Historical Fictions: Essays.
338 pages. $24.95. Hugh Kenner isn't easily impressed, so you can imagine his reaction when confronted with the bluster and self-promotion of Ernest Hemingway. In assessing Hemingway's letters, Dr. Kenner finds them of dubious literary value: "What happens when they're printed is that they make a Book, such a book as the fastidious craftsman would have disowned. For the style was not the man; the style was what the man could achieve after he had before him something to revise." And he wonders: "Has a distinguished reputation ever been hitched to so many square yards of trash?"
Such acute observations fill the pages of "Historical Fictions," a compilation of book reviews and essays. Little escapes Dr. Kenner, a professor of English at Johns Hopkins University and one of this country's leading literary critics. Take this view of literary biographies: ". . . biography is finally fiction, and save in the most trustworthy hands . . . it works the way imperfect fiction does, filling sag with cellulite generalities when the data continuity requires are lacking."
As with his other recent collections -- "Mazes," "A Sinking Island" -- "Historical Fictions" is refreshingly tough-minded and often quite funny. It's a joy to read.
This lightweight book suffers from a terminal case of the cutes, starting with its authorship. The dog's-eye view of the White House and its inhabitants has been "dictated" to "Bar" Bush by her beloved spaniel, Millie, and includes memorable quotes by the "Prez" -- also known as "Gampy" -- such as "Fine!" and "Great!"
Millie has the run of the mansion and is seen sprawling on silk sofas and celebrated antique beds; she is included in all waking activities, which allows her to rub noses with celebrities such as King Hussein, Francois Mitterrand, Pam Shriver and no less than Queen Elizabeth II herself. But Millie is more impressed with her meeting with "a real life macho [dog] movie star, Benji," who turns out to be female.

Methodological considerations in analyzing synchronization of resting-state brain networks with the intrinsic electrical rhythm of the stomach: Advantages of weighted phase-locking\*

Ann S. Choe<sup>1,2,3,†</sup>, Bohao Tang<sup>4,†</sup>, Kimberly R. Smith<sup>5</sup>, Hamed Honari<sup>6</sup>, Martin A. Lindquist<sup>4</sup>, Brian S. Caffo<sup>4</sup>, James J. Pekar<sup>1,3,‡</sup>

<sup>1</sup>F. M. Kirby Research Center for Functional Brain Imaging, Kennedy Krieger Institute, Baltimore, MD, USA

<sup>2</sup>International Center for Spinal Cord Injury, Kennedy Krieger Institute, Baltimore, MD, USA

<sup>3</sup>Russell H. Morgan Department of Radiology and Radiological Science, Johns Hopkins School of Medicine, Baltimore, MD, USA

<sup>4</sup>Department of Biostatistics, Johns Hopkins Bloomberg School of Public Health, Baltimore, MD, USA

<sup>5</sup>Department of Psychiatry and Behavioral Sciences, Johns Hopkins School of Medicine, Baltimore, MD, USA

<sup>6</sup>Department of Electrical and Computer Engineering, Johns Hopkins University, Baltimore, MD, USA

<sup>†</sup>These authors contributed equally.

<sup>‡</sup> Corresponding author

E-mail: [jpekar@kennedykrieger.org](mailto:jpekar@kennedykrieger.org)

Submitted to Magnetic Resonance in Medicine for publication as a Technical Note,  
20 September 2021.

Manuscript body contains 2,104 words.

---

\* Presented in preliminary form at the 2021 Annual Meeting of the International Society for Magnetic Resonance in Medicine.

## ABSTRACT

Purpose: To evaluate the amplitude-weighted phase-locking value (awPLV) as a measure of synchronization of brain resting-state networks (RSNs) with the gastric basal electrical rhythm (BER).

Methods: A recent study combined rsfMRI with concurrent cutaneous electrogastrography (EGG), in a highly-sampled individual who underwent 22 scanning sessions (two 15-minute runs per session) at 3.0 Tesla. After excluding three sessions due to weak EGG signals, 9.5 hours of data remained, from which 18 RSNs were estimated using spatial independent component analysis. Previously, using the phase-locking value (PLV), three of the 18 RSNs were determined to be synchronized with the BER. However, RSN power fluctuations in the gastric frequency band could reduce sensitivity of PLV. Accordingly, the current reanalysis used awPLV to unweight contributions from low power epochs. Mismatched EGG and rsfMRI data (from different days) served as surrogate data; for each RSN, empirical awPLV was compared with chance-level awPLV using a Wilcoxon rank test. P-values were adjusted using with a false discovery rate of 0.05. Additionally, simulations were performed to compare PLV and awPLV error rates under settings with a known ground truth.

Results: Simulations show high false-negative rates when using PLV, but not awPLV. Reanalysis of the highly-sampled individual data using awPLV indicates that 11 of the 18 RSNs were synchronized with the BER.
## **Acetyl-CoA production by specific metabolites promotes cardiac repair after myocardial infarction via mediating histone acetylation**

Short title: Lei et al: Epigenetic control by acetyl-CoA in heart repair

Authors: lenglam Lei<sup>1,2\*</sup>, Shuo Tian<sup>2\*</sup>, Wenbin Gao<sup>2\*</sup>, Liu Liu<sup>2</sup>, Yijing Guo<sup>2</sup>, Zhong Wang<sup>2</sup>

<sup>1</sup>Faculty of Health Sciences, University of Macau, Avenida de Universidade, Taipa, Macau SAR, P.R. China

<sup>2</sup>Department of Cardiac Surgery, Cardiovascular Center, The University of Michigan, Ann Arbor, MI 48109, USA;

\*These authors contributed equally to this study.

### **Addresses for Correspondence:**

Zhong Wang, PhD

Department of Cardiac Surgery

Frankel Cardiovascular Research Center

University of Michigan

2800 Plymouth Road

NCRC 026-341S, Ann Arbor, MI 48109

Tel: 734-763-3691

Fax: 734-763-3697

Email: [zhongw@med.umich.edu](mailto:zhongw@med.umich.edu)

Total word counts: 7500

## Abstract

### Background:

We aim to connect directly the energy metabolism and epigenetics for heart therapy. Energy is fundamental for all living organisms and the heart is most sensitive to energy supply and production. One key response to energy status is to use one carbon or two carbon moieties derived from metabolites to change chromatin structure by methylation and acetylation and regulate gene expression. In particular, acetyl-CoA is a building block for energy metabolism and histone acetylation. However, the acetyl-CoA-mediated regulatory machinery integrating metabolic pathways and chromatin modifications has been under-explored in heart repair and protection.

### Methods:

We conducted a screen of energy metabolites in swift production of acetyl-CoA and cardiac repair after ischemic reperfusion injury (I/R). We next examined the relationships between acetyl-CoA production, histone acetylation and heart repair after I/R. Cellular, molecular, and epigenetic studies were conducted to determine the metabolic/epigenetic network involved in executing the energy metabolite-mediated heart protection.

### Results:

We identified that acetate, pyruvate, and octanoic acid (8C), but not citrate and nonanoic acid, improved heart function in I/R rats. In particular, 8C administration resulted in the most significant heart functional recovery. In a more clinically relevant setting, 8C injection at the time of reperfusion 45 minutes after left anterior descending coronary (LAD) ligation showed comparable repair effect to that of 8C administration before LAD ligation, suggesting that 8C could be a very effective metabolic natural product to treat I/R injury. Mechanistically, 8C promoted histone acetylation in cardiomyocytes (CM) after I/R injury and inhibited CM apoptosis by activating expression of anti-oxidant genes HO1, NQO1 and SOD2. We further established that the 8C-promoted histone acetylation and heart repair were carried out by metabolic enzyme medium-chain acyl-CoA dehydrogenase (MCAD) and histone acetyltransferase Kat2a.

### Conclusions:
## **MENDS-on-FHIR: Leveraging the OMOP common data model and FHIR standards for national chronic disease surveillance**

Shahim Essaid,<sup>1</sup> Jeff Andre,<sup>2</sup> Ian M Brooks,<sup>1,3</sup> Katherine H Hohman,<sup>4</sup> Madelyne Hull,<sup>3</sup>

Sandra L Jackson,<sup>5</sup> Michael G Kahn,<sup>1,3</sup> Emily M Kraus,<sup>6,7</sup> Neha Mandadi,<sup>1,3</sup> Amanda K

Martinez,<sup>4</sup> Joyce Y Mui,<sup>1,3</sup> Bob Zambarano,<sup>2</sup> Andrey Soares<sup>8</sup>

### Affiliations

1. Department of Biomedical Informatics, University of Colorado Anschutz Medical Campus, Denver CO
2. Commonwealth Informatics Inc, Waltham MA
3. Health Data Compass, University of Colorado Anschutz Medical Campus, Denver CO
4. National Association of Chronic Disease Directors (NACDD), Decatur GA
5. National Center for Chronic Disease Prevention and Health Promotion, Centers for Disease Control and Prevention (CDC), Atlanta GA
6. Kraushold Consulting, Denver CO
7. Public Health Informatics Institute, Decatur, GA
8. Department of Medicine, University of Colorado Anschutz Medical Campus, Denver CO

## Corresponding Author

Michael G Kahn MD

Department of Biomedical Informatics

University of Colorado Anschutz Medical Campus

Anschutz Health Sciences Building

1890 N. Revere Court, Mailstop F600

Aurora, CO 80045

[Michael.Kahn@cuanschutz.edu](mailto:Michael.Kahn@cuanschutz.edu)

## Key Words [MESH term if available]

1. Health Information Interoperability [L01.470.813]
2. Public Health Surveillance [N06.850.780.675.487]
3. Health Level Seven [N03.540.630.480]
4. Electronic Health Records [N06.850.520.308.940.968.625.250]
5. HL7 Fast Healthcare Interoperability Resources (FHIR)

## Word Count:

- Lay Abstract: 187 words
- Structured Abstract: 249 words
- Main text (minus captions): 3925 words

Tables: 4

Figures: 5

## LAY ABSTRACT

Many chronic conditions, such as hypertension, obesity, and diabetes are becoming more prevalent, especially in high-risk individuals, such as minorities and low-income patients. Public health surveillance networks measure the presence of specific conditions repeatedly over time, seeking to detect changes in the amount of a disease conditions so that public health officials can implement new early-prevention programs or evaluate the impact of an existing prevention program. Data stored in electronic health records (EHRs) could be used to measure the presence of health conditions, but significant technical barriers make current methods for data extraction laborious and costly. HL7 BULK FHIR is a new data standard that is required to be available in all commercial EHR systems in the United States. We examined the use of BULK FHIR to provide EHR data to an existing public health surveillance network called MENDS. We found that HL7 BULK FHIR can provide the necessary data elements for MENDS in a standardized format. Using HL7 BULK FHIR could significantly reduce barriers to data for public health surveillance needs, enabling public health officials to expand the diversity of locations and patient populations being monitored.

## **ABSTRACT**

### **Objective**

On the plus side, all author proceeds will be donated to thBarbara Bush Foundation for Family Literacy -- and 2-year-old readers should love the "doggie" pictures.
BARBARA SAMSON MILLS
Trophies and Dead Things.
266 pages. $16.95.
Several recent mysteries have dealt with the legacy of the late '60s, those turbulent years of campus protests and political upheaval. Even two decades later, it can be difficult to leave such a passionate past behind. "Those were the best days of my life, back when we were young and going to change the world," a former student radical tells private investigator Sharon McCone.
In Ms. Muller's 11th McCone novel, the San Francisco detective investigates the murder of a one-time Berkeley activist named Perry Hilderly who had changed his will shortly before his death. Perry was the latest victim of a sniper who seemingly chooses his targets at random, but when Sharon tracks down the four people to whom he left his sizable estate, the '60s connection keeps re-emerging.
"Trophies and Dead Things" is a taut, well-plotted thriller, and as the Byzantine web of connections between the ex-radicals is slowly revealed it's hard to stop reading before Sharon has wrapped up this complicated, compelling case.